New book in Dutch

Eet vet word slank

Eet vet word slank gepubliceerd januari 2013

In dit boek lees je o.a.: * heel veel informatie ter bevordering van je gezondheid; * hoe je door de juiste vetten te eten en te drinken kan afvallen; * hoe de overheid en de voedingsindustrie ons, uit financieel belang, verkeerd voorlichten; * dat je van bewerkte vetten ziek kan worden.

Trick and Treat:
How 'healthy eating' is making us ill
Trick and Treat cover

"A great book that shatters so many of the nutritional fantasies and fads of the last twenty years. Read it and prolong your life."
Clarissa Dickson Wright

Natural Health & Weight Loss cover

"NH&WL may be the best non-technical book on diet ever written"
Joel Kauffman, PhD, Professor Emeritus, University of the Sciences, Philadelphia, PA

Coronary heart disease

Part 2: Studies challenge the cholesterol theory

None of the many human intervention studies into the causes of heart disease conducted over the last half century looked solely at one aspect of diet — fat. They were all 'multiple interventions' which changed several dietary constituents, and included other factors such as exercise, cigarette smoking, and so on. For this reason, ascribing any benefit to just one aspect is impossible.

In 1988, however, an opportunity presented itself when a trial was conducted on a group of people suffering multiple food allergies who had high cholesterol levels.[1]

Because of their range of allergies, their diet was restricted to cut out sugar (sucrose), milk and all cereal grains. In this diet most of their calories came not just from fat, but from beef fat. Beef fat, we are told, is 'unhealthy' because it raises cholesterol levels, but that was not confirmed in this study: instead of rising, the patients' total blood cholesterol levels fell by 27.5% from an average of 6.84 mmol/L (263 mg/dL) to an average of 4.9 mmol/L (189 mg/dL); their 'good' HDL cholesterol levels increased from 21% of the total to 32%; and their triglyceride levels decreased from an average of 1.13 grams per litre to a more healthy average of 0.74 grams per litre. The authors say:

'These findings raise an interesting question: are elevated serum cholesterol levels caused in part not by eating animal fat (an extremely "old food"), but by some factor in grains, sucrose, or milk ("new foods") that interferes with cholesterol metabolism?'

After such a study, it should be no surprise that a survey conducted in South Carolina of adults with 'bad' dietary habits — the eating of red meat, animal fats, fried foods, butter, eggs, whole milk, bacon, sausage, cheese and the use of solid fats to cook vegetables — found their blood cholesterol levels were only marginally affected by their diet.[2]

Coronary heart disease is rare in Polynesians who eat a high saturated fat diet. In Britain a Medical Research Council survey also showed that men eating butter ran half the risk of developing coronary heart disease compared to those using margarine.[3]

Dr William Castelli, Director of the Framingham Study, wrote in 1992:

'In Framingham, Massachusetts, the more saturated fat one ate, the more cholesterol one ate, the more calories one ate, the lower people's serum cholesterol. . .'[4]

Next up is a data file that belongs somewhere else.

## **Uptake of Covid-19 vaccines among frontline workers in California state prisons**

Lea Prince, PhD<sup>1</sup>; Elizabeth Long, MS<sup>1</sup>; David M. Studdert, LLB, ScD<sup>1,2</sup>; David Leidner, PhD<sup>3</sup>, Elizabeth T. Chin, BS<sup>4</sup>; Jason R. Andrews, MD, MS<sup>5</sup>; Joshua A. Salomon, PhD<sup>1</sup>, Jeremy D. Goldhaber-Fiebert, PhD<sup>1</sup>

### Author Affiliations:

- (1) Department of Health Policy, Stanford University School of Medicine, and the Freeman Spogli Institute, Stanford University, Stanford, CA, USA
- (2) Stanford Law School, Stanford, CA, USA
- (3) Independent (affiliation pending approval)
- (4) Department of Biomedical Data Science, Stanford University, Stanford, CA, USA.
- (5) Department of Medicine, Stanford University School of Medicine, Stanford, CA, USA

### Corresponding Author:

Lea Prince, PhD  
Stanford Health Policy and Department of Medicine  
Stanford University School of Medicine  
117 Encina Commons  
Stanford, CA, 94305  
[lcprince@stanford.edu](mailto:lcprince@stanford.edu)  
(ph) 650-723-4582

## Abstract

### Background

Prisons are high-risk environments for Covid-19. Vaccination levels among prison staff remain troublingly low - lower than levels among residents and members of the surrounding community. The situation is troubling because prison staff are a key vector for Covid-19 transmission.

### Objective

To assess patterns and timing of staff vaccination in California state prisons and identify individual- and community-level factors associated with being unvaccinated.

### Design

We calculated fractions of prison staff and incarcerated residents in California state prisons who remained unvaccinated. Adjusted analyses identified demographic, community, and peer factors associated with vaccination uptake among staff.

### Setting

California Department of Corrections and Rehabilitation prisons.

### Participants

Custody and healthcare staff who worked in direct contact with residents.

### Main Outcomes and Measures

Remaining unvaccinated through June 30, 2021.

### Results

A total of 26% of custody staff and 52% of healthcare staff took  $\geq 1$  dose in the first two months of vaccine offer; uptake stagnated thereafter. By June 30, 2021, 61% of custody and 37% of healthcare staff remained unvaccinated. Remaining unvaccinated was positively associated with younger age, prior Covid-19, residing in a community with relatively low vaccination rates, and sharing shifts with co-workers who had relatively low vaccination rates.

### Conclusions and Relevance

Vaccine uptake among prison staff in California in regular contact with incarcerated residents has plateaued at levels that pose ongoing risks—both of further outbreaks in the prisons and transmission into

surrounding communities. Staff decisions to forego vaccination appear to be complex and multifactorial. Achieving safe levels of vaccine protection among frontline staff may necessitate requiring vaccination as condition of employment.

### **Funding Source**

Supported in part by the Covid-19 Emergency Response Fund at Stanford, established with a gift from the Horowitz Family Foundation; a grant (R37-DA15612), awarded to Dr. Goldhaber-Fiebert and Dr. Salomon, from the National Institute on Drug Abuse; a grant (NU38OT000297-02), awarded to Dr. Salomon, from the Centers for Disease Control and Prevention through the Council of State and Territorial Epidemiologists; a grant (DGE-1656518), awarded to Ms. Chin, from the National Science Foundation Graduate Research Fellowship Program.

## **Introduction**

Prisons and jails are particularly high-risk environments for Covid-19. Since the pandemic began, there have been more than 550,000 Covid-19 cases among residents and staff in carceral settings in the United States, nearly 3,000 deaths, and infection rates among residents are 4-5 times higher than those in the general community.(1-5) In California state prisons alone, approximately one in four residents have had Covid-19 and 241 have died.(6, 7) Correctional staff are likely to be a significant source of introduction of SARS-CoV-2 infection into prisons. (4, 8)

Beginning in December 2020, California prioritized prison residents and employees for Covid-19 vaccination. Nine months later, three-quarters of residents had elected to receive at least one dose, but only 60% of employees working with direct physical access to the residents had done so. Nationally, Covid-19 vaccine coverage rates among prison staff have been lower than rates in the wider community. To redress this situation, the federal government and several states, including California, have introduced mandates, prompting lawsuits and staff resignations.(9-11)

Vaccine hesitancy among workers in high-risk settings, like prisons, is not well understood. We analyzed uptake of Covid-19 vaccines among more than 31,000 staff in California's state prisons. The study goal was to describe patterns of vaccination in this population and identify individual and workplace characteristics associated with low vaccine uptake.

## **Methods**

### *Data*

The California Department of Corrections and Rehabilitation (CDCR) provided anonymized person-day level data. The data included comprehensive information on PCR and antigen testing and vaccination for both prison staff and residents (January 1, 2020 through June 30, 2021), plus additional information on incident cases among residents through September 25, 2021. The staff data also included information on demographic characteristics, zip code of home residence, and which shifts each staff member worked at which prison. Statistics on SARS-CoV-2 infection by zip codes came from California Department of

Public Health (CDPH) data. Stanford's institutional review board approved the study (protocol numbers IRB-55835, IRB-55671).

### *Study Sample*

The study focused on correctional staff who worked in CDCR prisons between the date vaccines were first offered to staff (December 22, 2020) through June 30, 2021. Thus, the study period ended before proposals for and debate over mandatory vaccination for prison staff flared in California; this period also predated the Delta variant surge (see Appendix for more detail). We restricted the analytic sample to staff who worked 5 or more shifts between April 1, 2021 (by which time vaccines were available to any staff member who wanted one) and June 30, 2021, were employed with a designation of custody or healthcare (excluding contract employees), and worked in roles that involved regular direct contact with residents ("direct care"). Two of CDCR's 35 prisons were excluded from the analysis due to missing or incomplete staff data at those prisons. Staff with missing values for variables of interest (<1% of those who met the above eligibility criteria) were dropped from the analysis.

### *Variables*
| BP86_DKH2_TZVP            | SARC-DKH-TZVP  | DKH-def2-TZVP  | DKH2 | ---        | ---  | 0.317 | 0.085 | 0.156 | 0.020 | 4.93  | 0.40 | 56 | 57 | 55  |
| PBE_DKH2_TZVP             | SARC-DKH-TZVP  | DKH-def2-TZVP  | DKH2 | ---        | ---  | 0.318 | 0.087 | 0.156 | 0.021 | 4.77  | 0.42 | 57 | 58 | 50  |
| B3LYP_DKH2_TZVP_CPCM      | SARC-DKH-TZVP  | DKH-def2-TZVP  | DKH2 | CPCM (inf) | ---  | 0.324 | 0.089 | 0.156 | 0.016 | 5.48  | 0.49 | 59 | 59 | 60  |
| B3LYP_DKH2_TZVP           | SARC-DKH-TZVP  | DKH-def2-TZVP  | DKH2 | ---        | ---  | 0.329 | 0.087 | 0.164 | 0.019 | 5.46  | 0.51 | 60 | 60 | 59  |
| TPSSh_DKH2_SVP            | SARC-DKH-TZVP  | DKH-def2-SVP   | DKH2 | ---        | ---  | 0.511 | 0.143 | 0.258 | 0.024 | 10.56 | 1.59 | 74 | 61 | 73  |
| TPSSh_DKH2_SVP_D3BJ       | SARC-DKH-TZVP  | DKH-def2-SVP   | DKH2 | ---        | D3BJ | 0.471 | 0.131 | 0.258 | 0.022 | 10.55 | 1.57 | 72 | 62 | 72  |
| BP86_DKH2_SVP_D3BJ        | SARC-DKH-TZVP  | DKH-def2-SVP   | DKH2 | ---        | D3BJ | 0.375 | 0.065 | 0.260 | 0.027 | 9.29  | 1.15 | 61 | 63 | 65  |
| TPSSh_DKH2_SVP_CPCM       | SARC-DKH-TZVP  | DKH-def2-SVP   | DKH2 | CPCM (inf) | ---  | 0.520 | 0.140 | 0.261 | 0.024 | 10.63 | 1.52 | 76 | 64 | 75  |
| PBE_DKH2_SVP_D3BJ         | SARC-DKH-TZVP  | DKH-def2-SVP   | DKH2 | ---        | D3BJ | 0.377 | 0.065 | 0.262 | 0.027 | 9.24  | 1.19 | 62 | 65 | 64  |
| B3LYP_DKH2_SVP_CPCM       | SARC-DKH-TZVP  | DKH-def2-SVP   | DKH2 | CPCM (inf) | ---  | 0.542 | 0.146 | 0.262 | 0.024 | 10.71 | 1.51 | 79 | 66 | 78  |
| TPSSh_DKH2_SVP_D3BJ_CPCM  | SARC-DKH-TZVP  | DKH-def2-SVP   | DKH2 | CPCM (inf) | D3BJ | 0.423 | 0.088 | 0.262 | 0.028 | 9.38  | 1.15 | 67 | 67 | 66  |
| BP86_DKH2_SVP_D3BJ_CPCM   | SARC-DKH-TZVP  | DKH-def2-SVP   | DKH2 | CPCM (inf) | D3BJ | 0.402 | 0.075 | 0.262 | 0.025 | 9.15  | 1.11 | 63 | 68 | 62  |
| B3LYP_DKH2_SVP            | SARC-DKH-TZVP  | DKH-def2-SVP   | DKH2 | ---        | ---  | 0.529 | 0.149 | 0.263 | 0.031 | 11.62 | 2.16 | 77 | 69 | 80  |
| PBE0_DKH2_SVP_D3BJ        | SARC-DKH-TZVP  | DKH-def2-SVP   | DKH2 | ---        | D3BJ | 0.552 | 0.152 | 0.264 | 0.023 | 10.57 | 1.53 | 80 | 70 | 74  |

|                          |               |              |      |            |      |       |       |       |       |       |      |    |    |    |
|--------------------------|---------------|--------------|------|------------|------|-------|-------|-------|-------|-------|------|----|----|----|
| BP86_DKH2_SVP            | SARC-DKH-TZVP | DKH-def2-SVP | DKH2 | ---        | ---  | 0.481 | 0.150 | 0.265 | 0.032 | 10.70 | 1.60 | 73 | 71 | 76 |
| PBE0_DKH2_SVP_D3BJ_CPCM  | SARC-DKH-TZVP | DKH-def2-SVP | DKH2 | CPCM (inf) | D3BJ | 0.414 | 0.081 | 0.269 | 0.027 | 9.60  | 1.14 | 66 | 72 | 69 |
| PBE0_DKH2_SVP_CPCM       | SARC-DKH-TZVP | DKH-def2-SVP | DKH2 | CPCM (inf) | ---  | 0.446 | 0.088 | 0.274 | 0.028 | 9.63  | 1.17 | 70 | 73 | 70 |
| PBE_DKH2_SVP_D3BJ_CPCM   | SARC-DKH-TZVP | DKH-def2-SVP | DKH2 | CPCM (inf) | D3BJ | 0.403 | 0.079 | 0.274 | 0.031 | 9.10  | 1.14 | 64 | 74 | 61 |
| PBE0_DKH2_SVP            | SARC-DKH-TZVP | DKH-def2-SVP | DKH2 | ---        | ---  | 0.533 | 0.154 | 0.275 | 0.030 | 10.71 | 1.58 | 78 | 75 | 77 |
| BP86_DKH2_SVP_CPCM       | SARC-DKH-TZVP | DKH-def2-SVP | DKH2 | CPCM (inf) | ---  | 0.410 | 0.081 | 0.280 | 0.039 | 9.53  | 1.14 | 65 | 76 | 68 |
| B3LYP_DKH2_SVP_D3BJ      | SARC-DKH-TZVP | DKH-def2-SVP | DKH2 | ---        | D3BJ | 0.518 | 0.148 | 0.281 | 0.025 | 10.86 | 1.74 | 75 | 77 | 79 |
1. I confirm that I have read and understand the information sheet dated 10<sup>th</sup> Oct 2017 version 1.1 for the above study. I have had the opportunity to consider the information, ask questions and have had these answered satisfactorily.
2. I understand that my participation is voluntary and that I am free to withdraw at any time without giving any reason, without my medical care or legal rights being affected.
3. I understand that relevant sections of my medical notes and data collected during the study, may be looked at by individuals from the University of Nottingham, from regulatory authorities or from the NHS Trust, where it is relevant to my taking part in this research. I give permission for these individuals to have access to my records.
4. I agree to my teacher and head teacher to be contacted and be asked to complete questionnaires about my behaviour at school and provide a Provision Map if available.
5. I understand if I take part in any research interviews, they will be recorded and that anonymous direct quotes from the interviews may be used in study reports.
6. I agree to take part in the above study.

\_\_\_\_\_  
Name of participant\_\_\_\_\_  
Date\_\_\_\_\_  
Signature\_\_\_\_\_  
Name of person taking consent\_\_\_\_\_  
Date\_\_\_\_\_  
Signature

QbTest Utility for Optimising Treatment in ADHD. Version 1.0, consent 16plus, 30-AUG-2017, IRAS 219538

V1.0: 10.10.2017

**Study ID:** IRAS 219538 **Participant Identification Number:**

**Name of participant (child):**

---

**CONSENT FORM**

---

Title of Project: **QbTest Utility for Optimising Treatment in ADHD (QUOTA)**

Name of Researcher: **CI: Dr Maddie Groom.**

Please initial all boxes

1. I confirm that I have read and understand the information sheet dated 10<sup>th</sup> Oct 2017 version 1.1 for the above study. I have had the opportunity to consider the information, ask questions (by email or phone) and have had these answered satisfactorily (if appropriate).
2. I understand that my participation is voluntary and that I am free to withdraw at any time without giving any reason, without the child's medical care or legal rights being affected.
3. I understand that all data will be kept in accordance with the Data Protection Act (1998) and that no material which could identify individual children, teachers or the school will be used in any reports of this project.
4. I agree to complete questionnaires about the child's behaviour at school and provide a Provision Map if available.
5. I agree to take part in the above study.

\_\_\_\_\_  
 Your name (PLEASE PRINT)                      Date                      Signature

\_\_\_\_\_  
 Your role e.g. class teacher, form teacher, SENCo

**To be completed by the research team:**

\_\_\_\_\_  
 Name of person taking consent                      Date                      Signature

Because cholesterol is a major component in all animals' bodies, eggs have a very high cholesterol content. That is why we are still told to eat no more than about 3 a week. Dr Uffe Ravnskov did his own test of this theory by eating a total of 59 eggs over 9 days. Did his cholesterol level shoot up? No, it fell by more than 11% from 7.23 mmol/L to 6.39 mmol/L.[5]

Dr George V. Mann was involved with the Framingham Study and also conducted extensive studies of the Maasai, whose diet is very high in saturated fat but who do not suffer from CHD at all. His work led him to the conclusion that:

'The diet-heart hypothesis has been repeatedly shown to be wrong, and yet, for complicated reasons or pride, profit and prejudice, the hypothesis continues to be exploited by scientists, fund-raising enterprises, food companies and even governmental agencies. The public is being deceived by the greatest health scam of the century.'[6]

In 2002 the hearts of 11 young adults aged under 35 years, who had died within an hour of the onset of cardiac symptoms, were examined for the type of underlying plaque complication and the time of onset of clot formation. Only one of the eleven culprit lesions was rich in cholesterol.[7]

In fact, careful analysis of the available data, including randomised trials, indicates that, contrary to a widespread opinion, cholesterol lowering does not appear to be a very effective way of reducing cardiac and overall mortality in the general population.[8]

These are just a few examples; there have been many such studies. See The Cholesterol Myth for more.


1. Newbold HL. Reducing the serum cholesterol level with a diet high in animal fat. South Med J 1988; 81: 61-3
2. Lackland DT, Wheeler FC. The need for accurate nutrition survey methodology: The South Carolina experience. J Nutr 1990; 120: 11S: 1433-1436. 3. Nutr Week 22 Mar 1991; 21: 12: 2-3.
4. Castelli WP. Concerning the possibility of a nut . . . Arch Int Med 1992; 152: 1371-1372.
5. Ravnskov U. The Cholesterol Myths. New Trends Publishing Inc, Washington DC, 2000. p 109.
6. Coronary Heart Disease: The Dietary Sense and Nonsense. George V. Mann, ed. Veritas Society; London, 1993.
7. Henriques de Gouveia R, van der Wal AC, et al. Sudden unexpected death in young adults. Eur Heart J 2002; 23: 1433-1440.
8. de Lorgeril M, Salen P. Cholesterol lowering and mortality: time for a new paradigm? Nutr Metab Cardiovasc Dis 2006; 16: 387-90.

Part 1: | Part 2: | Part 3 | Part 4

Related Articles